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The Gibson Indians

The African American Narratives in the Library of Virginia contain the Brunswick County District Court records for the Amey Evans suit for freedom which were said to have been lost when the case was heard in Richmond City. They include the deposition of Ann Meriwether who deposed in Richmond City on 22 June 1798, that about 40 years previous Amey Evans was about 13 years of age (born 1745), that Amey was owned by Richard Meriwether in Albemarle County who exchanged her for another slave with David Allen because "one of David Allen's negro men had the said Amey for a wife...Sarah Colley was the daughter of Frances Evans by a white man named James Colley...she had "often heard her husband say in his lifetime that Frances Evans was of Indian descent and from the Complexion & strait black hair of Sarah Colley this deponent believes they were descended from Indians." The case abated in May 1799 by the death of the defendant Allen [Evans, Amey, etc.: Freedom Suit, 1799, African American Narrative Digital Collection, LVA]. This was probably the reason court attorney Edmund Randolph told the court the family descended from "Jane Gibson, a free Indian woman." However, when Randolph was appointed as counsel for the plaintiffs, he filed their petition to the court, stating that "they were children of a free woman of colour named Amey, who was the daughter of another free woman of colour named Sarah Colley, who was the daughter of another free woman of colour named Frances Evans who was the daughter of another free woman of colour named Jane Gibson."

Note that Sarah Colley was probably related to George, Charles, Thomas, and George Colley, Jr., "Mulattos" convicted in Charles City County court on 6 September 1758 of failing to list their wives as tithables [Court Order Book, 1758-1762, pages 56, 78, 525].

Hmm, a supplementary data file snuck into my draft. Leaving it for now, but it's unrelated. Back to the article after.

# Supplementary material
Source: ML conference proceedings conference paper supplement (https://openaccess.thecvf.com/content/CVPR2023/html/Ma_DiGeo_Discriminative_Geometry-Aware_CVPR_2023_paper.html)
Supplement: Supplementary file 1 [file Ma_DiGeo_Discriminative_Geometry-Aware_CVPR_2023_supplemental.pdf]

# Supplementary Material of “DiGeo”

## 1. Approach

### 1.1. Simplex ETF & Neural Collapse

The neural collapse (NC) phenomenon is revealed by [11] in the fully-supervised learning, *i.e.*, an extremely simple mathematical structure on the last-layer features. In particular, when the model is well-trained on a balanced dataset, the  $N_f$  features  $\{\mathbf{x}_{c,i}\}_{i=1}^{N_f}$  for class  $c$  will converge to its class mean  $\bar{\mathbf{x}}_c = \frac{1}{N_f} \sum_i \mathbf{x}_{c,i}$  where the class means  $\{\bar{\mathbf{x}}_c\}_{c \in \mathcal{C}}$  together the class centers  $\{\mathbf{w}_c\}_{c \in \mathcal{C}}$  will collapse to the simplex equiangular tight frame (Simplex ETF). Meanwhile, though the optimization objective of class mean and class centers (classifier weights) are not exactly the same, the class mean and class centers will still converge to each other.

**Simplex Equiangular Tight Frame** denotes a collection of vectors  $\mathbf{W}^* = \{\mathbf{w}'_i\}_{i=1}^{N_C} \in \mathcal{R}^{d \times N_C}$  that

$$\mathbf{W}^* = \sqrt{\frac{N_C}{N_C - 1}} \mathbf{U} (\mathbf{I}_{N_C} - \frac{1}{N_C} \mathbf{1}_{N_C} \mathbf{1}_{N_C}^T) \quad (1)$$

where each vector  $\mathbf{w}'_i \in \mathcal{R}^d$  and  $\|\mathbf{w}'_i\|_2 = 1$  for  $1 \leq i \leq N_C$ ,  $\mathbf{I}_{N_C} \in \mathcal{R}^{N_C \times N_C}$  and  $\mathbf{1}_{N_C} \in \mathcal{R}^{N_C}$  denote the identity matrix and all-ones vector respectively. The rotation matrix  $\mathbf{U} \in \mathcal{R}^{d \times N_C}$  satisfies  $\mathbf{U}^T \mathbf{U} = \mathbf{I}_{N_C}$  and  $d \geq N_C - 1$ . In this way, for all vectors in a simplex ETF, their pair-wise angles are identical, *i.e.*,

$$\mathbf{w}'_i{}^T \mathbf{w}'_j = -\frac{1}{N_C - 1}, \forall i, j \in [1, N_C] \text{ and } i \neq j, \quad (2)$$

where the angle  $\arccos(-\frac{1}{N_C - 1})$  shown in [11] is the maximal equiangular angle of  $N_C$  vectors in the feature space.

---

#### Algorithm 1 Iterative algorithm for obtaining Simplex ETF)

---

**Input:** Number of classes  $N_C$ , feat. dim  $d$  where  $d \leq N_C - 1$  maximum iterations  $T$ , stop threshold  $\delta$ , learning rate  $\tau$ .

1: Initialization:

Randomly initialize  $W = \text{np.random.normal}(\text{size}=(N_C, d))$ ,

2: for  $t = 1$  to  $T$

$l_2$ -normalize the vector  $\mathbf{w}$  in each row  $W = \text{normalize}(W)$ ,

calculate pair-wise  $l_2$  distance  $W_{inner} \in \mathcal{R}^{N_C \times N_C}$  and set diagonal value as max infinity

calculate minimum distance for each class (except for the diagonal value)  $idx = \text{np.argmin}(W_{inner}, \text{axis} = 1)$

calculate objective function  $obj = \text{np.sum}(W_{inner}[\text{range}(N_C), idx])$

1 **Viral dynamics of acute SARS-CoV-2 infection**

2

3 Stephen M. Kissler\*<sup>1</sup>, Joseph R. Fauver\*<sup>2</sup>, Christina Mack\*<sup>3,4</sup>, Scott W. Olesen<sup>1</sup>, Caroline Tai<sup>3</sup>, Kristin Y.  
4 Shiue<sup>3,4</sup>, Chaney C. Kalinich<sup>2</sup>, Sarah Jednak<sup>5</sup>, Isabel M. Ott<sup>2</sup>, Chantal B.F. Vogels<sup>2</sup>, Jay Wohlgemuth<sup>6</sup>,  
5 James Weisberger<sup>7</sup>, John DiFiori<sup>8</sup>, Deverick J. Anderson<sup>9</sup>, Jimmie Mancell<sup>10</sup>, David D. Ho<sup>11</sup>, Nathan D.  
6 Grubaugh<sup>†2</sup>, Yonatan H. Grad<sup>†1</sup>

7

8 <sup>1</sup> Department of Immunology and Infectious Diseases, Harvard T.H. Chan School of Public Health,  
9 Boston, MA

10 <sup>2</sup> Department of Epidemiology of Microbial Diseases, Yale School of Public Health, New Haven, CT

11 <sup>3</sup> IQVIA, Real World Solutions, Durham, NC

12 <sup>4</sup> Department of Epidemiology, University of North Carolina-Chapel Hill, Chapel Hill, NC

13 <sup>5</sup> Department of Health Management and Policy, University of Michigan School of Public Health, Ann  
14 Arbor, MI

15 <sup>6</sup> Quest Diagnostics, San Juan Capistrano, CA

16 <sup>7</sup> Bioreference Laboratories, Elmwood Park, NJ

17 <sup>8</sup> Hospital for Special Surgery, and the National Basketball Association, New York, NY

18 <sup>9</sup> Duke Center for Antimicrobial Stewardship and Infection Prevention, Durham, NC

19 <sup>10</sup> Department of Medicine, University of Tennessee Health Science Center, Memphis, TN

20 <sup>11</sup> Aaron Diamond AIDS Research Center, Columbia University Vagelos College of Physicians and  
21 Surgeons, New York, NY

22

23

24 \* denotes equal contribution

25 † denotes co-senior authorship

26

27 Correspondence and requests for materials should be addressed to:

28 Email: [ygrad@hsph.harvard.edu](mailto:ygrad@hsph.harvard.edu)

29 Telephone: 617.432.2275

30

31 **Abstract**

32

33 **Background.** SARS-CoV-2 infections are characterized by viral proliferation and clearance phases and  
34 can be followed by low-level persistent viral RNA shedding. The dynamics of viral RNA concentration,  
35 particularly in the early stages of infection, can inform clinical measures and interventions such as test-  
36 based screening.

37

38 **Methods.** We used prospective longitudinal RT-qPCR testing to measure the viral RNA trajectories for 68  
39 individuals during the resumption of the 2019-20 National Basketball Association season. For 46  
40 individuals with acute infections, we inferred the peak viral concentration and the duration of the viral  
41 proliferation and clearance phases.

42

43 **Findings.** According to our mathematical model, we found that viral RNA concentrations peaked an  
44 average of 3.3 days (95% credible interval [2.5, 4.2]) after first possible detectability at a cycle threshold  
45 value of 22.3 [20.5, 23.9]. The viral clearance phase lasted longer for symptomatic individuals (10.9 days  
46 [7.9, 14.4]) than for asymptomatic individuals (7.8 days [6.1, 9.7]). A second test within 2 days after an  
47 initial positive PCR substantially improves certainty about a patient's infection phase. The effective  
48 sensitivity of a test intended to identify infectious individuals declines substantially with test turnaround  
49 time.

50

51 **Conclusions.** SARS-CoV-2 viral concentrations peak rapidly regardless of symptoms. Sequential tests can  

The first member of the Evans family to obtain his freedom was Thomas Gibson, alias Mingo Jackson, who won his freedom in the Richmond court on 5 April 1792. Mingo Jackson was a "FN" taxable in Richmond City in 1794, 1806 and from 1814 to 1816; taxable on a slave over the age of 12 years in 1794 and 1816, and Thomas Gibson (Blacksmith) was a "fn" taxable in Richmond City in 1796, 1797, 1799, and from 1812 to 1814 [PPTL, 1787-99; 1799-18]. A later case file included a deposition from Abraham Dugard that he had met Thomas Gibson, alias Mingo Jackson, in Richmond in December 1803 [Lynchburg City Chancery file 1821-033]. He was called Thomas Gibson alias Mingo Jackson on 4 December 1796 when Duncan McLaughlin sued him in Henrico County for debt. On 8 September 1798 the Henrico County court charged "a free black man by the name of Symon" with stealing several articles of clothing from a trunk that belonged to "a free black man by the name of Thomas Gibson." Charles Evans testified as a witness for the Commonwealth that he and Thomas were staying at the mill house of Colonel Harvie when they invited a former slave named Symon to spend the night with them [Court Order Book, 1796-8, 543; 1798-9, 242]. This may have been the same Charles Evans who ran away from Lewis Allen but was recovered and "tied and confined to be sent from Richmond, and probably out of the Country" by 7 May 1805 when Edmund Randolph petitioned the court for a prohibition against Allen.
Paul


18 Dec 2002 :: 14 Nov 2008
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